With the system charged according to weight, there was a noticeable improvement. However, occasional temperature spikes during stop-and-go traffic remained an issue. The owner turned to advanced diagnostic tools, such as a scan tool, to delve deeper into the inner workings of the AC system.
By monitoring the AC command and cooling fan clutch command while keeping a close eye on pressures, a startling revelation emerged. It became evident that Ram trucks allowed the high side pressure to skyrocket before engaging the fan clutch. However, this behavior only kicked in after the truck had been running for approximately 10 minutes.
A Temperature Rollercoaster
During initial startup, with the AC turned on, the fan clutch engaged promptly, maintaining high side pressures at a comfortable ~250 psi while idling on scorching 105° days. The vent temperature was a refreshing 44°. However, after 5-7 minutes of idling, the fan clutch disengaged, causing the high side pressure to climb to around 350 psi before reluctantly re-engaging.
As the fan clutch disengaged, vent temperatures rose to an undesirable 52°. Naturally, the low side pressure followed suit, increasing alongside the soaring temperatures. It was a clear indication that relying solely on pressures as a measure of AC performance was inadequate.
Learning Through Experimentation
In the pursuit of a cooler cabin, the owner decided to experiment with varying the refrigerant charge by a few additional ounces. Unfortunately, this only exacerbated the issue, highlighting the fact that charging the system by pressure alone can lead to unfavorable outcomes.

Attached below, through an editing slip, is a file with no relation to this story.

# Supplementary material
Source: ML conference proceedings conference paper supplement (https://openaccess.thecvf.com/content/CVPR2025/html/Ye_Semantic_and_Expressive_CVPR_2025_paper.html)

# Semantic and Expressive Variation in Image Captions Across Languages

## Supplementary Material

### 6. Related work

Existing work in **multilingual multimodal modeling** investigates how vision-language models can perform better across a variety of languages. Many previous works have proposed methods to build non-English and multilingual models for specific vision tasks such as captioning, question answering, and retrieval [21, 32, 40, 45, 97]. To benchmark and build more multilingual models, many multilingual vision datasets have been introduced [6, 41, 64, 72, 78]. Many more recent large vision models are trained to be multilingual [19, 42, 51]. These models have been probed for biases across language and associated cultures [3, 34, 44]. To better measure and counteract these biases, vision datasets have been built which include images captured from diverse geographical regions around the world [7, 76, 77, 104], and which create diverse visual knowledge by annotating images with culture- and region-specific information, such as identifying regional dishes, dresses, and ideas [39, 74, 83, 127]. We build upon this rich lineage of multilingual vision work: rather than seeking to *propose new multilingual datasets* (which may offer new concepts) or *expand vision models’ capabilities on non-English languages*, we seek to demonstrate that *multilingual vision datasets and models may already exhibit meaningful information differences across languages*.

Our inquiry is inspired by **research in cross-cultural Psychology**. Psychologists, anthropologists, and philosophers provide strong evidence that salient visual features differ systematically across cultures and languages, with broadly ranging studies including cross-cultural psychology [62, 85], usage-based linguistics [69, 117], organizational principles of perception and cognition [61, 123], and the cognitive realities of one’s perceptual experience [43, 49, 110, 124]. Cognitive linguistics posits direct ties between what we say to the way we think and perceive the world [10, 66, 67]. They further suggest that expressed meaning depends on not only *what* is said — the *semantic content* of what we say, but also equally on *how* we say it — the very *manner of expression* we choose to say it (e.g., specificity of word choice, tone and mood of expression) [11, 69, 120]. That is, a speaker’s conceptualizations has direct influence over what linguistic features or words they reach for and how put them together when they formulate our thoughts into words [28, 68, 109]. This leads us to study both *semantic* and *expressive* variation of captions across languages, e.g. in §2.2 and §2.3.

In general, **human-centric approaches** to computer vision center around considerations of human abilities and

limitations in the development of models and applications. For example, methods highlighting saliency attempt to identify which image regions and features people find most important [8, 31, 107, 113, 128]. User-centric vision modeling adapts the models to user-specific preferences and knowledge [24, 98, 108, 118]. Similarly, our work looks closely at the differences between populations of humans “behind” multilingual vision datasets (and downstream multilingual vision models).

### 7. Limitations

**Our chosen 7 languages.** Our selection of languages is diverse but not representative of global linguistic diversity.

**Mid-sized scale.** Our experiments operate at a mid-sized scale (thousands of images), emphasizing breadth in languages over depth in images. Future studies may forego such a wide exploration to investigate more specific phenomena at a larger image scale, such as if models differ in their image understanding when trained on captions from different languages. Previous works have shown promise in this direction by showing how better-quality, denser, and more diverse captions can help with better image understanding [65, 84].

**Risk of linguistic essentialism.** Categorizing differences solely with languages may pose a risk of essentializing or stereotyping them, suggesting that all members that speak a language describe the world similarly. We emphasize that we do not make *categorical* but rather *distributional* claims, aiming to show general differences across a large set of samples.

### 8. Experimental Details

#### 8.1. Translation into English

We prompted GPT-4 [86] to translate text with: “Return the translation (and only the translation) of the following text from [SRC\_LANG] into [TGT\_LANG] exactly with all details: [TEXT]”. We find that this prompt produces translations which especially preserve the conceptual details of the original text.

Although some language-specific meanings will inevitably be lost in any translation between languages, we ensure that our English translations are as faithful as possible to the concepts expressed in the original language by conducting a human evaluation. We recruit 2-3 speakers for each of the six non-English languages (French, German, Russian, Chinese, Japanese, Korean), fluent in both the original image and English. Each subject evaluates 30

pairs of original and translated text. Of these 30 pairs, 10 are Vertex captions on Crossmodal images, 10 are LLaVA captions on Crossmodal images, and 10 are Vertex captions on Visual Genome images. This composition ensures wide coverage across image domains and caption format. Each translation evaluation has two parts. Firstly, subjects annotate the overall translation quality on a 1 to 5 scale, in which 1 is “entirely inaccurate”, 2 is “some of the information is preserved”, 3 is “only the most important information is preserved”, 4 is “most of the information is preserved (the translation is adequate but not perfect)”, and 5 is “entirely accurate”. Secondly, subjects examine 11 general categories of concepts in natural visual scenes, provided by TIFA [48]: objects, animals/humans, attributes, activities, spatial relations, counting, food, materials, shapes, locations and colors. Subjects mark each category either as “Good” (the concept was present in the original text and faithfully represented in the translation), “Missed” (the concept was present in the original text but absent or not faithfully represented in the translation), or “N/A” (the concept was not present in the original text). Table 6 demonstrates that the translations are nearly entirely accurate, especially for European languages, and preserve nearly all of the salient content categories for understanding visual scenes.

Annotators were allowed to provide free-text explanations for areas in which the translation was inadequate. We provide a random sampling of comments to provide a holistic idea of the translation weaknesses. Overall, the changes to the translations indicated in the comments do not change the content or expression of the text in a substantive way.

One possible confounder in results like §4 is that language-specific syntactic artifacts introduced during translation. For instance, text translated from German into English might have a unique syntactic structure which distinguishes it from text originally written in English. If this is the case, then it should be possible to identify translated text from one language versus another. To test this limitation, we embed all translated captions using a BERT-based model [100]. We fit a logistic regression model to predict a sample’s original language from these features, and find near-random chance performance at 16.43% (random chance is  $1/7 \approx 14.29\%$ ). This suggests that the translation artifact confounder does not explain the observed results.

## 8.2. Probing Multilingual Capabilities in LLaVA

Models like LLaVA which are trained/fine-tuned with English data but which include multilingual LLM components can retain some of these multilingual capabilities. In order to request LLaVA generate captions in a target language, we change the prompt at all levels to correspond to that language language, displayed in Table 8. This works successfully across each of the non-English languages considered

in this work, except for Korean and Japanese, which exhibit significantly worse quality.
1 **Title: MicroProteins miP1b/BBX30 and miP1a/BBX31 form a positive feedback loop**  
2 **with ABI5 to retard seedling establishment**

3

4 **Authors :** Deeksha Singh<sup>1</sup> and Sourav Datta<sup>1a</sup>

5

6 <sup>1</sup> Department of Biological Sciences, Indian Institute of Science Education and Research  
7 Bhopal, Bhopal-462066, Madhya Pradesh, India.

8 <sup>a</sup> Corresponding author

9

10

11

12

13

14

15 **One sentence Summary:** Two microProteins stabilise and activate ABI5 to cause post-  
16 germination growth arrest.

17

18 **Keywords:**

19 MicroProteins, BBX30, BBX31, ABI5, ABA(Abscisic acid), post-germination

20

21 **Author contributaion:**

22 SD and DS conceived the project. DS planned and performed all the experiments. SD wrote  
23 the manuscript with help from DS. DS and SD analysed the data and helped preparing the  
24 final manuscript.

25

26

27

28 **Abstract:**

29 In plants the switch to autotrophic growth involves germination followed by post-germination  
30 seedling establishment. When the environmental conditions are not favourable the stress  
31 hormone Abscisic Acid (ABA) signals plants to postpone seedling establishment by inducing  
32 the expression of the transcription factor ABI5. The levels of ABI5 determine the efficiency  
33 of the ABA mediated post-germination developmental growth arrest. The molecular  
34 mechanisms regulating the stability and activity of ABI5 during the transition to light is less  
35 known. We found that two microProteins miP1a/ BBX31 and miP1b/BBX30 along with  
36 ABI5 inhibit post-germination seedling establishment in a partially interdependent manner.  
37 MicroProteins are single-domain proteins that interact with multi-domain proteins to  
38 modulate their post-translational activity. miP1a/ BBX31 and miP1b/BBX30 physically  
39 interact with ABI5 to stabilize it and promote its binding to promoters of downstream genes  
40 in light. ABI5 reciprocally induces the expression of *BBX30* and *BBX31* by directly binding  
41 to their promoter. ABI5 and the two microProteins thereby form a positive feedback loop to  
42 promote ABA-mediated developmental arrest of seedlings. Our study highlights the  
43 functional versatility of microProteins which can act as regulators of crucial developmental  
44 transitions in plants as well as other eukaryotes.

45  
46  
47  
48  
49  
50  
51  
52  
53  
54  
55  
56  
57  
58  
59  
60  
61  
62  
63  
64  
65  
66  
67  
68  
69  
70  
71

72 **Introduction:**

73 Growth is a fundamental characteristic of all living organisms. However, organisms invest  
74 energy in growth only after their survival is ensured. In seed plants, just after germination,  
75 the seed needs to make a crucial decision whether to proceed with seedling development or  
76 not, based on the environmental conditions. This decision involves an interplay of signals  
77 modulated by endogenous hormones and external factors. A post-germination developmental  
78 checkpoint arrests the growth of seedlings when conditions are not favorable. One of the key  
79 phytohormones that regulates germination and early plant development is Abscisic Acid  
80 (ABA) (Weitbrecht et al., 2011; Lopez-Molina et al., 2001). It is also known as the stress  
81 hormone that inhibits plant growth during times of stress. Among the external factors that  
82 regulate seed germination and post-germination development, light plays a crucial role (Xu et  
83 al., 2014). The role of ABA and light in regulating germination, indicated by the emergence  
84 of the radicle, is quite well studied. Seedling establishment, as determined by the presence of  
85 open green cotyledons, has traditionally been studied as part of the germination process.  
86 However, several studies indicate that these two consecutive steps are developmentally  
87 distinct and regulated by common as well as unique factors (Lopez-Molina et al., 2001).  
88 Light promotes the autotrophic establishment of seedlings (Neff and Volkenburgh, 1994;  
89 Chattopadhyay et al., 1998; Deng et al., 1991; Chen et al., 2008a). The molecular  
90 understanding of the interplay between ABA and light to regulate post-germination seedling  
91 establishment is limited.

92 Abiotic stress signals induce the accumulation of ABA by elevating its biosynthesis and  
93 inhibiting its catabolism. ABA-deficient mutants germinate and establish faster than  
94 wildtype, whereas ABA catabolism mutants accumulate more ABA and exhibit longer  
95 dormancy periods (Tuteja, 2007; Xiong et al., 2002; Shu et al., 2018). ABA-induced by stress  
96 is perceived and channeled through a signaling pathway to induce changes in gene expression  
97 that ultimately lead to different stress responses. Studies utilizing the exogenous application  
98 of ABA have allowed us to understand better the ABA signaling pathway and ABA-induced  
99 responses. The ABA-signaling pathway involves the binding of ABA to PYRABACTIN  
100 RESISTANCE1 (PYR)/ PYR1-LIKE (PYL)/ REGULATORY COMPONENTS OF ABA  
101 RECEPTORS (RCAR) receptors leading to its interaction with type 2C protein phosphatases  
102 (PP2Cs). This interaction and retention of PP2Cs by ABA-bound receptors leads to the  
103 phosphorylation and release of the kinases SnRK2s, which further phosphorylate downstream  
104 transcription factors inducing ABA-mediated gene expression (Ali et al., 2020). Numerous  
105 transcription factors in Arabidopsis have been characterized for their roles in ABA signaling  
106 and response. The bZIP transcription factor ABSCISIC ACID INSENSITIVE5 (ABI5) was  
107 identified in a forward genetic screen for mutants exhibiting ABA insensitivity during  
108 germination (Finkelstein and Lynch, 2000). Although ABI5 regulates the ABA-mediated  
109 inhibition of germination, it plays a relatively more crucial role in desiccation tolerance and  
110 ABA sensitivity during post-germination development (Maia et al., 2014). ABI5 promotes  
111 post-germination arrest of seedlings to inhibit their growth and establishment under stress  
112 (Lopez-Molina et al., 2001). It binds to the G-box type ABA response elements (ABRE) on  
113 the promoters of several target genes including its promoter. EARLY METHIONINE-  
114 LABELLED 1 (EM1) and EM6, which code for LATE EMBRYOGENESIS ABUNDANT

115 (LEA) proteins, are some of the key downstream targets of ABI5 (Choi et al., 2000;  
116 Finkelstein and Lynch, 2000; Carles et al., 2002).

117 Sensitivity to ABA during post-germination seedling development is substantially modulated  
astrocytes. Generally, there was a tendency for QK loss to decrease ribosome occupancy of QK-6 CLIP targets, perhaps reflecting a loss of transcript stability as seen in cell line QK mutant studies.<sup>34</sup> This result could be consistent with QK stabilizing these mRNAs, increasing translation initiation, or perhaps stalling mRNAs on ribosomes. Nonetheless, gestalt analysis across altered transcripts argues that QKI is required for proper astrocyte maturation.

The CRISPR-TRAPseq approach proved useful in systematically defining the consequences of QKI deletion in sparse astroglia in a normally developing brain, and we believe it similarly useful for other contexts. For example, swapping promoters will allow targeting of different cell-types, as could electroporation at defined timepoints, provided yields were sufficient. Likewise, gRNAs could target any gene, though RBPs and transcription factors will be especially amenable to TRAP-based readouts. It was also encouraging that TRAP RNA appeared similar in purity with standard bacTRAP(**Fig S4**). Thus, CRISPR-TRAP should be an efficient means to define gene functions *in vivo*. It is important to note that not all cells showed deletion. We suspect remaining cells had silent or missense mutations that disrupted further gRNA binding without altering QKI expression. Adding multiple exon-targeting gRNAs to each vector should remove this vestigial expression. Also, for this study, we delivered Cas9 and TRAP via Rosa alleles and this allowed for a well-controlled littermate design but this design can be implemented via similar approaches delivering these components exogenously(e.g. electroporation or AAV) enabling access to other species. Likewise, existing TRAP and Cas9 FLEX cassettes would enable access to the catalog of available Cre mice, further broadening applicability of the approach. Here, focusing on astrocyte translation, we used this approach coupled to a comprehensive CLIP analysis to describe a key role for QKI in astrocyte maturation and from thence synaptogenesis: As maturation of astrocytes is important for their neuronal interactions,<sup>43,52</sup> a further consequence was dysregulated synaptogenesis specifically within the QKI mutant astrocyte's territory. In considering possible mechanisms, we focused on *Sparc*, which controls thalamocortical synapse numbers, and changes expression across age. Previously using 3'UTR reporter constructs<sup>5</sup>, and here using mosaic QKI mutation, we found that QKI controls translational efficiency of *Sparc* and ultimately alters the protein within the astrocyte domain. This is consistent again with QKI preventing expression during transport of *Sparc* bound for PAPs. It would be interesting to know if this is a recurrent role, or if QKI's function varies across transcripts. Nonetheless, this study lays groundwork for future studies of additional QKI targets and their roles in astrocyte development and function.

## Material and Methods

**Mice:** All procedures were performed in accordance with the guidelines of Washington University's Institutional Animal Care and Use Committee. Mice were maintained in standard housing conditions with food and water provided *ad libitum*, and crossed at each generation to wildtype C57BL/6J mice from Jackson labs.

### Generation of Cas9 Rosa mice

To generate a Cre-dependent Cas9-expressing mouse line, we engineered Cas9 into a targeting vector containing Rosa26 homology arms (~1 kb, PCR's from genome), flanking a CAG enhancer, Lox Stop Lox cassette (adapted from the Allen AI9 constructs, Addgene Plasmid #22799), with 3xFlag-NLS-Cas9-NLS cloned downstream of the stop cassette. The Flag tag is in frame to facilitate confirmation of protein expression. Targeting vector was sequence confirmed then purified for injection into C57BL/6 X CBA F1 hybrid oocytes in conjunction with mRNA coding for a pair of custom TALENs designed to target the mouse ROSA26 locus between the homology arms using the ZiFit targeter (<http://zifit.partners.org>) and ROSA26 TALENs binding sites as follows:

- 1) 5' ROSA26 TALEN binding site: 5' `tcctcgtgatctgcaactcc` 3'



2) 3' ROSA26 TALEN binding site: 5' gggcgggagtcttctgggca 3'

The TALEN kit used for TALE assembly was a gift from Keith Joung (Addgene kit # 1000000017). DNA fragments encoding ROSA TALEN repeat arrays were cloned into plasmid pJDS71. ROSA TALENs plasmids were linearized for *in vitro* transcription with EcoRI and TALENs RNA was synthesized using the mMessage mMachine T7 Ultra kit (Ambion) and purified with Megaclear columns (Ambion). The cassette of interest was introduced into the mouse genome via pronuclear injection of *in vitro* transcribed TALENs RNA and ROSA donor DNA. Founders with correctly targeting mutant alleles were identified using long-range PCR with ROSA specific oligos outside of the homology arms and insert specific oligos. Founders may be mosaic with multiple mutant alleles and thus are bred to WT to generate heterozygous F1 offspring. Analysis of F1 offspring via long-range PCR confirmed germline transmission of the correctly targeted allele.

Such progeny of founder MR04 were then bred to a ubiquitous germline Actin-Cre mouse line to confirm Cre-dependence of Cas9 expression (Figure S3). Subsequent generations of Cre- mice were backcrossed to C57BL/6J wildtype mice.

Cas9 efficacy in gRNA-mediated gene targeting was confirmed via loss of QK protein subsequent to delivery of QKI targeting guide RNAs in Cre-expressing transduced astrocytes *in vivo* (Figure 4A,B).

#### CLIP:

Since last summer, the owner has taken additional steps to improve the AC performance. Reprogramming the PCM twice with updates has shown promising results. However, the true test lies in the arrival of the full summer season. Additionally, eagerly awaiting the water pump recall and its accompanying PCM update may shed further light on the fan clutch engagement dynamics.
Take the HARD Ram Truck Quiz
The Final Verdict
In conclusion, it’s evident that the AC performance in these trucks falls short of expectations. Charging the system by weight, rather than relying solely on pressures, is the way to achieve optimal results. With the numerous variables involved in AC performance, relying on weight ensures a more precise and accurate charge. The lesson learned from this journey is clear: the Dodge Ram AC system is subpar, and a weight-based approach is essential for achieving the desired cooling efficiency.
So, the next time you find yourself facing AC troubles in your beloved Ram truck, remember to set aside the pressure chart and focus on the weight of refrigerant instead. By doing so, you’ll navigate the intricacies of the system and ensure a refreshing cabin even in the most sweltering summer heat.
As we continue to explore and uncover the nuances of our vehicles, it’s important to share knowledge and experiences to help fellow Ram enthusiasts overcome AC challenges. Together, we can stay cool and enjoy the open road with confidence.
Valik loves tinkering in the garage and is currently restoring a 2000 GMC Sierra 1500 truck. He also writes about the progress on this blog. When not in the garage, Valik is also a web developer and a blogger. I know, strange, a hand in two completely different worlds. And that is the way he likes to keep it.